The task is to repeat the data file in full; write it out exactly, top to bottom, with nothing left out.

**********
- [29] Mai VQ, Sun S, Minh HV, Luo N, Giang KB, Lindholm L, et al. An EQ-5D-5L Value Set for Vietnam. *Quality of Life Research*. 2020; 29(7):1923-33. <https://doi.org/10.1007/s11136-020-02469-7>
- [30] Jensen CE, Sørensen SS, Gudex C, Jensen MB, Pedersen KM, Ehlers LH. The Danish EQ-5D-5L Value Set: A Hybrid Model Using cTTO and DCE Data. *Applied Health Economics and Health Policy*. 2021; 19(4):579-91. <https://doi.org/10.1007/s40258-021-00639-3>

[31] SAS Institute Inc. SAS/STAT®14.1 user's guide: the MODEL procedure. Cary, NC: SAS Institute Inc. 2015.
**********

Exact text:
- [29] Mai VQ, Sun S, Minh HV, Luo N, Giang KB, Lindholm L, et al. An EQ-5D-5L Value Set for Vietnam. *Quality of Life Research*. 2020; 29(7):1923-33. <https://doi.org/10.1007/s11136-020-02469-7>
- [30] Jensen CE, Sørensen SS, Gudex C, Jensen MB, Pedersen KM, Ehlers LH. The Danish EQ-5D-5L Value Set: A Hybrid Model Using cTTO and DCE Data. *Applied Health Economics and Health Policy*. 2021; 19(4):579-91. <https://doi.org/10.1007/s40258-021-00639-3>

[31] SAS Institute Inc. SAS/STAT®14.1 user's guide: the MODEL procedure. Cary, NC: SAS Institute Inc. 2015.